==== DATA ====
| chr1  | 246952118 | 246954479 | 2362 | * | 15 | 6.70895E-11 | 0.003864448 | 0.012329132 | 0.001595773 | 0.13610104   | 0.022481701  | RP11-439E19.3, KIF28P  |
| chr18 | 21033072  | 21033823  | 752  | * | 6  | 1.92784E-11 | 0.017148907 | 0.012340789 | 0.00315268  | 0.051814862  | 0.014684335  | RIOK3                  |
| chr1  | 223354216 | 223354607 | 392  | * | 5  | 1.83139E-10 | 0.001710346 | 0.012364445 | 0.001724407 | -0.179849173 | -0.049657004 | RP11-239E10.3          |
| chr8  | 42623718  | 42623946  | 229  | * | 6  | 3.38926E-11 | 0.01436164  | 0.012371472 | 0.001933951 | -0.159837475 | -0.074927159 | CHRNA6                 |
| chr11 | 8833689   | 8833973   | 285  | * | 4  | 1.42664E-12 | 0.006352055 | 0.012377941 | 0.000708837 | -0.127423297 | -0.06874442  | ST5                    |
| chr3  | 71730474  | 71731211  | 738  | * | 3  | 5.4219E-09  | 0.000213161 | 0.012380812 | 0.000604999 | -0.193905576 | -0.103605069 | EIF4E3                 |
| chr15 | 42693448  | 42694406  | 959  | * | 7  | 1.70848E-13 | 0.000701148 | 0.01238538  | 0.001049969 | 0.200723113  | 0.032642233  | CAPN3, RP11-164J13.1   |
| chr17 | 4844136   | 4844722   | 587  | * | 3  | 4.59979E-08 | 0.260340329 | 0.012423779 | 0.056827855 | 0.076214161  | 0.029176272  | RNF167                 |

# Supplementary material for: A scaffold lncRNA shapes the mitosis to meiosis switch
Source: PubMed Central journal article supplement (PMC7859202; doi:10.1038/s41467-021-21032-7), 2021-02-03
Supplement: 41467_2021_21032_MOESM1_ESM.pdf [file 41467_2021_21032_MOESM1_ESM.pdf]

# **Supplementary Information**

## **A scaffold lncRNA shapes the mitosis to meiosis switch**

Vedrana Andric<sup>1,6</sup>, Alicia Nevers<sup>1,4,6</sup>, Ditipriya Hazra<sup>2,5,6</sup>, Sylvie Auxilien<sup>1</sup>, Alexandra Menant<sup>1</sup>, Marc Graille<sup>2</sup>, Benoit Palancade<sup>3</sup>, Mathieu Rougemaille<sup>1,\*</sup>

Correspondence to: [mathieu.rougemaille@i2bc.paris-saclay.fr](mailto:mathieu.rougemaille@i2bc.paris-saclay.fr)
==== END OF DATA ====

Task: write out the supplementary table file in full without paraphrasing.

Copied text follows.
| chr1  | 246952118 | 246954479 | 2362 | * | 15 | 6.70895E-11 | 0.003864448 | 0.012329132 | 0.001595773 | 0.13610104   | 0.022481701  | RP11-439E19.3, KIF28P  |
| chr18 | 21033072  | 21033823  | 752  | * | 6  | 1.92784E-11 | 0.017148907 | 0.012340789 | 0.00315268  | 0.051814862  | 0.014684335  | RIOK3                  |
| chr1  | 223354216 | 223354607 | 392  | * | 5  | 1.83139E-10 | 0.001710346 | 0.012364445 | 0.001724407 | -0.179849173 | -0.049657004 | RP11-239E10.3          |
| chr8  | 42623718  | 42623946  | 229  | * | 6  | 3.38926E-11 | 0.01436164  | 0.012371472 | 0.001933951 | -0.159837475 | -0.074927159 | CHRNA6                 |
| chr11 | 8833689   | 8833973   | 285  | * | 4  | 1.42664E-12 | 0.006352055 | 0.012377941 | 0.000708837 | -0.127423297 | -0.06874442  | ST5                    |
| chr3  | 71730474  | 71731211  | 738  | * | 3  | 5.4219E-09  | 0.000213161 | 0.012380812 | 0.000604999 | -0.193905576 | -0.103605069 | EIF4E3                 |
| chr15 | 42693448  | 42694406  | 959  | * | 7  | 1.70848E-13 | 0.000701148 | 0.01238538  | 0.001049969 | 0.200723113  | 0.032642233  | CAPN3, RP11-164J13.1   |
| chr17 | 4844136   | 4844722   | 587  | * | 3  | 4.59979E-08 | 0.260340329 | 0.012423779 | 0.056827855 | 0.076214161  | 0.029176272  | RNF167                 |

# Supplementary material for: A scaffold lncRNA shapes the mitosis to meiosis switch
Source: PubMed Central journal article supplement (PMC7859202; doi:10.1038/s41467-021-21032-7), 2021-02-03
Supplement: 41467_2021_21032_MOESM1_ESM.pdf [file 41467_2021_21032_MOESM1_ESM.pdf]

# **Supplementary Information**

## **A scaffold lncRNA shapes the mitosis to meiosis switch**

Vedrana Andric<sup>1,6</sup>, Alicia Nevers<sup>1,4,6</sup>, Ditipriya Hazra<sup>2,5,6</sup>, Sylvie Auxilien<sup>1</sup>, Alexandra Menant<sup>1</sup>, Marc Graille<sup>2</sup>, Benoit Palancade<sup>3</sup>, Mathieu Rougemaille<sup>1,\*</sup>

Correspondence to: [mathieu.rougemaille@i2bc.paris-saclay.fr](mailto:mathieu.rougemaille@i2bc.paris-saclay.fr)